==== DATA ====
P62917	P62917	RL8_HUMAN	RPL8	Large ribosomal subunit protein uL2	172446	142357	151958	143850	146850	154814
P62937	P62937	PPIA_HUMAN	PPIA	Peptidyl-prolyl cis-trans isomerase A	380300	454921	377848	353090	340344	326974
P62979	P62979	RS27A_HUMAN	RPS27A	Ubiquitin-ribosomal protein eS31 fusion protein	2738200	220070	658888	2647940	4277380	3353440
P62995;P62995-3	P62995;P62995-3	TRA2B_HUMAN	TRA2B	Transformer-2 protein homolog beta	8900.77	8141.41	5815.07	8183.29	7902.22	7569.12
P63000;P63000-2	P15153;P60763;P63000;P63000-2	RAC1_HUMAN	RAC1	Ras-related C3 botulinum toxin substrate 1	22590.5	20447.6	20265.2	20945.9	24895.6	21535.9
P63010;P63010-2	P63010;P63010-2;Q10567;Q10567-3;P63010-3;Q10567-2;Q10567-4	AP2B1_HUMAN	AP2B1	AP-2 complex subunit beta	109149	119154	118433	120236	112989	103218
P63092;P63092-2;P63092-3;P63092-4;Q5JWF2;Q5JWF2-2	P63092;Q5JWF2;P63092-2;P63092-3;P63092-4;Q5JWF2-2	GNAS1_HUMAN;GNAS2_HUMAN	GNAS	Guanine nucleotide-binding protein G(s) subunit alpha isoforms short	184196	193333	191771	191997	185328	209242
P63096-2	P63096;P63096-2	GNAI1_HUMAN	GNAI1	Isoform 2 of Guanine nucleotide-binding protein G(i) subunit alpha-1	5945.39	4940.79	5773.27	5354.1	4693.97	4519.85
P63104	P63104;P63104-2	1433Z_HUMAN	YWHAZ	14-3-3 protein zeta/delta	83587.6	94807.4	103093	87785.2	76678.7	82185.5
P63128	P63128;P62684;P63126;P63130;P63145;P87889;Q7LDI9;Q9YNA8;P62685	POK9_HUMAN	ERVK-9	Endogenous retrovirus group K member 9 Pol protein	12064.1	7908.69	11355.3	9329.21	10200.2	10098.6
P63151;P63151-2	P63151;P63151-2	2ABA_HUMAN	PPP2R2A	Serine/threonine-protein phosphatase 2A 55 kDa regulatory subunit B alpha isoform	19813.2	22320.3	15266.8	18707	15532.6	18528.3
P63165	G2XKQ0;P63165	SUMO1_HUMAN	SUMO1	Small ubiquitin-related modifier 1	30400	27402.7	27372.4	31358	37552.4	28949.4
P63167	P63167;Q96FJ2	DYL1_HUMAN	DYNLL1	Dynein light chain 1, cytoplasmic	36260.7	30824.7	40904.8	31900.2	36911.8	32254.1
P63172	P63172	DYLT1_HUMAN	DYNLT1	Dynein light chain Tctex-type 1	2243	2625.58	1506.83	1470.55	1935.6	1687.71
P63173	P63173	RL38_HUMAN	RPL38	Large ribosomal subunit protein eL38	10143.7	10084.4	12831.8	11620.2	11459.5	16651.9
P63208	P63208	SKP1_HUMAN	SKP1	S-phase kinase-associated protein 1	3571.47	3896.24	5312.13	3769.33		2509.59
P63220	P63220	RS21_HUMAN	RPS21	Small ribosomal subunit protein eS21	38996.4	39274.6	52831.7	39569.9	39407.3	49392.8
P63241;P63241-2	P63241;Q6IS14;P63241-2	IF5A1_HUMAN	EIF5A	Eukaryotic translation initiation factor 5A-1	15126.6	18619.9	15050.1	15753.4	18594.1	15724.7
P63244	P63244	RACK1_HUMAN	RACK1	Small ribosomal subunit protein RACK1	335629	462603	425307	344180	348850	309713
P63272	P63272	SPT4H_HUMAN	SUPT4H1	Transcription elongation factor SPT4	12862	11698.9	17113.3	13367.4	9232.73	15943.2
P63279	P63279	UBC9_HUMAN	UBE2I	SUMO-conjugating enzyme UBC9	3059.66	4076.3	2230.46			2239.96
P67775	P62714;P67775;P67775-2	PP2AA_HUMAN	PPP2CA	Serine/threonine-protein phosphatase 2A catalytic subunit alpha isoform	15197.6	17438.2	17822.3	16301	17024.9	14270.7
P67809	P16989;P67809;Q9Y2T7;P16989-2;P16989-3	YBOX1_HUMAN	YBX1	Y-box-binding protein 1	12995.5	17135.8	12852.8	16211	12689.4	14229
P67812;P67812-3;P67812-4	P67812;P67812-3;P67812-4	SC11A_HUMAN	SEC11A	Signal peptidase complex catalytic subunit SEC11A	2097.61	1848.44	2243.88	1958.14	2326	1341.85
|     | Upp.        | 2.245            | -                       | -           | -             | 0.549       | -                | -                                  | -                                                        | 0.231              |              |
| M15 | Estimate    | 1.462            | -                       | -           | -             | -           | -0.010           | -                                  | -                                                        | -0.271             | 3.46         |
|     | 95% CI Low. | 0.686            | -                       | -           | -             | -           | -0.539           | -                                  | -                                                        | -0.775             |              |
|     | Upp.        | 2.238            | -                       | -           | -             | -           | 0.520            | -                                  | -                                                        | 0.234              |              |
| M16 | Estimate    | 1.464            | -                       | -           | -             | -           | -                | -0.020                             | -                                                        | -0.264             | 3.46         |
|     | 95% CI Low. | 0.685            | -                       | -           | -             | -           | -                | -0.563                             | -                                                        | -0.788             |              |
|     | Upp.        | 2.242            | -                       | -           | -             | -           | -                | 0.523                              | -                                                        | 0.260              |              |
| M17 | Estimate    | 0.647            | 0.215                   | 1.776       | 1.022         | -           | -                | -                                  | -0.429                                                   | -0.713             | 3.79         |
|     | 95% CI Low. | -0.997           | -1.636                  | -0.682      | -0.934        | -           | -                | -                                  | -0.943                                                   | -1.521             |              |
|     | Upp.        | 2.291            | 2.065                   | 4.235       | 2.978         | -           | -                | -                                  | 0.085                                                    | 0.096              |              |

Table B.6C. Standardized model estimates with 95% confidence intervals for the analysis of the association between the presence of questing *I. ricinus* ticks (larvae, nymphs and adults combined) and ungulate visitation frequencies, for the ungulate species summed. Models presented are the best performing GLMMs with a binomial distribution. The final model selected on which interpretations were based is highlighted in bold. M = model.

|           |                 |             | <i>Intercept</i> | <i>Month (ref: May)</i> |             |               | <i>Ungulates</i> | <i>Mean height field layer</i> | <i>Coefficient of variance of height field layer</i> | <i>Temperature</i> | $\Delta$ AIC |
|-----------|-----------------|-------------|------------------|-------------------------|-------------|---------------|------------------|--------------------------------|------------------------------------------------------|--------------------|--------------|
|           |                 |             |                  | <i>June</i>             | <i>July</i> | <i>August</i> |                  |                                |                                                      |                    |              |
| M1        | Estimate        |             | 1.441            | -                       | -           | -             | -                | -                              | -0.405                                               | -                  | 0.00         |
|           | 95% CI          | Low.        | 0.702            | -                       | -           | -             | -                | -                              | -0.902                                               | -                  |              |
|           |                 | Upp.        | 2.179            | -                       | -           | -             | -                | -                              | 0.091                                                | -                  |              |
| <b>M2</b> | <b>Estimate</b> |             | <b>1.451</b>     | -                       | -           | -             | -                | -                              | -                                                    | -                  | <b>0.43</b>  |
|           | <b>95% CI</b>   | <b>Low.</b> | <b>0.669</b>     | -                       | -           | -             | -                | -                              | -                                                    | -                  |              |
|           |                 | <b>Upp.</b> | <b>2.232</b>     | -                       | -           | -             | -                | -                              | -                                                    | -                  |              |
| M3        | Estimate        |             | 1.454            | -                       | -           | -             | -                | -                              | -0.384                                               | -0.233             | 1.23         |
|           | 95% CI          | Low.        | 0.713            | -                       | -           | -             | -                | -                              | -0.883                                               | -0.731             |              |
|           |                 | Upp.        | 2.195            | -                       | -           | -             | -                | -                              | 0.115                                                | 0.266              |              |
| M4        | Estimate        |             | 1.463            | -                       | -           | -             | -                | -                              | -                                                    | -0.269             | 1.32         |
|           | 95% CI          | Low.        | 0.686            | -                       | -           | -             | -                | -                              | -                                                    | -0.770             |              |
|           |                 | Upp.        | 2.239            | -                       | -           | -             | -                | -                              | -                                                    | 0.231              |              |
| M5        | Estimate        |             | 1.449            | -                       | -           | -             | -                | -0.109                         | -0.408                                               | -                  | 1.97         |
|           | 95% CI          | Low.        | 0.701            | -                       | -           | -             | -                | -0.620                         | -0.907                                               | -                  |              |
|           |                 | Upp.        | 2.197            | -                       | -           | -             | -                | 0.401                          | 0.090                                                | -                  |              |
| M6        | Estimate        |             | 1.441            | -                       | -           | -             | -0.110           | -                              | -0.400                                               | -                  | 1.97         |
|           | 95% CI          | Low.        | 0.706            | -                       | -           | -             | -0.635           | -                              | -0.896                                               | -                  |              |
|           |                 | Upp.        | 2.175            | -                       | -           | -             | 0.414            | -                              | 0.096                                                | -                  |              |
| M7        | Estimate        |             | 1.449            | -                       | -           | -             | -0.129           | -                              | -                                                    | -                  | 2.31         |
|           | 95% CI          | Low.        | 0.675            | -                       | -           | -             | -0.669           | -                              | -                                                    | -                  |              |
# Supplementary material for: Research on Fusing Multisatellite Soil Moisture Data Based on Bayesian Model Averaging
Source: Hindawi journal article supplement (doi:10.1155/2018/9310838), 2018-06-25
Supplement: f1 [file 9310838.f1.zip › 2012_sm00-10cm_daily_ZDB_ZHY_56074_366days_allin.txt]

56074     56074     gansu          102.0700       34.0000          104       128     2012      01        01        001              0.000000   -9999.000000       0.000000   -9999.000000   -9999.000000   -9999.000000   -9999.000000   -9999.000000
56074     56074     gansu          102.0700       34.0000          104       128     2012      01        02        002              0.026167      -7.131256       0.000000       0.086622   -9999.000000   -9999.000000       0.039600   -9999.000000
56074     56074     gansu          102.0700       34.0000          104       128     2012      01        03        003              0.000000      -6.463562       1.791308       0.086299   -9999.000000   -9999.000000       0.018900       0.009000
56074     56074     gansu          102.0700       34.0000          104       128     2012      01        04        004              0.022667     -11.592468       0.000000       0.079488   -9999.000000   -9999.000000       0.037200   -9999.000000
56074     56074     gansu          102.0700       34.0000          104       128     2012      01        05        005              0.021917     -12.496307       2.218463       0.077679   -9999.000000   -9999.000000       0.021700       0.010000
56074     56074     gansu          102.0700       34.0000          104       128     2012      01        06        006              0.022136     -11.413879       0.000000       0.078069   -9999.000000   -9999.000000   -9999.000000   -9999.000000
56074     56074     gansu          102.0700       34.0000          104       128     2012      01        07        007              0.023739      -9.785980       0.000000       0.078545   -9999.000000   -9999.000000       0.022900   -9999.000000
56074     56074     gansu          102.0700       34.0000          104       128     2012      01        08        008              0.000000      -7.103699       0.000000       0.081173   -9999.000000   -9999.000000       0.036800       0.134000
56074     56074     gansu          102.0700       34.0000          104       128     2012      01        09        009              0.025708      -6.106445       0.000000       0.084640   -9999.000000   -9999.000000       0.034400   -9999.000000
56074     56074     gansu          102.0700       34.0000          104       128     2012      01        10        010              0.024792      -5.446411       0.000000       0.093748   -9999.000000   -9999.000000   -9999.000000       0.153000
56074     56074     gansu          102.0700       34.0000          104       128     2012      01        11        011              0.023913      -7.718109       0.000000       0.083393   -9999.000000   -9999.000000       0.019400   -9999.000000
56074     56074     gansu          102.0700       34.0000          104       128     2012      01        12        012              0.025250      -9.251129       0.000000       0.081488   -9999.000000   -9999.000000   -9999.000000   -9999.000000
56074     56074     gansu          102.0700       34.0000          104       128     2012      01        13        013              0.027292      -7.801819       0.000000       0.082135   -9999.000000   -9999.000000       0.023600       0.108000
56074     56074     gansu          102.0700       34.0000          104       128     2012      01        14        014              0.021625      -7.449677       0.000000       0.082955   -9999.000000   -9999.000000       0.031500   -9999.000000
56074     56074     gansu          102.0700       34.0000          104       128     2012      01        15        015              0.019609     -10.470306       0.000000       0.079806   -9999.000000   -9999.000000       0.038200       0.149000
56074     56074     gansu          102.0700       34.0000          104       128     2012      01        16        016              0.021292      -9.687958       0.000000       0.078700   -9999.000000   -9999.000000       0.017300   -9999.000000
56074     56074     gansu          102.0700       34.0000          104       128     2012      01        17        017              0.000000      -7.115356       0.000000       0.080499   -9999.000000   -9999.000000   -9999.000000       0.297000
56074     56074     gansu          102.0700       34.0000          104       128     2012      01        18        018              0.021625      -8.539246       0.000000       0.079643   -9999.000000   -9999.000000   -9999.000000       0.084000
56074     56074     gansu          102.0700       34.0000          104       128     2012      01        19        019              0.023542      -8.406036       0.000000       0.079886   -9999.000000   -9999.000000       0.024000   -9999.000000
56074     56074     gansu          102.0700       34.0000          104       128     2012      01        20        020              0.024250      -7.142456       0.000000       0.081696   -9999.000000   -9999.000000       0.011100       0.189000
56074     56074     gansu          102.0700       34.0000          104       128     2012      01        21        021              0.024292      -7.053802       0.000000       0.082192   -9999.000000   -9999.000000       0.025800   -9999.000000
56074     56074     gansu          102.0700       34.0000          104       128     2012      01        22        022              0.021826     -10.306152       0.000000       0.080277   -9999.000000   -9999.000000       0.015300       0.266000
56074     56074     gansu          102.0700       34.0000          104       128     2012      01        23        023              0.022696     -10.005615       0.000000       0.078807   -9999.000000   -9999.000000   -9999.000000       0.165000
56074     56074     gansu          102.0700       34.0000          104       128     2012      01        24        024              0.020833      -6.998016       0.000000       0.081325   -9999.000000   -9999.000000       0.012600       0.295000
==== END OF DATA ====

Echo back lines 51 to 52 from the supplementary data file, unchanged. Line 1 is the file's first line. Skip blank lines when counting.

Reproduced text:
| M5        | Estimate        |             | 1.449            | -                       | -           | -             | -                | -0.109                         | -0.408                                               | -                  | 1.97         |
|           | 95% CI          | Low.        | 0.701            | -                       | -           | -             | -                | -0.620                         | -0.907                                               | -                  |              |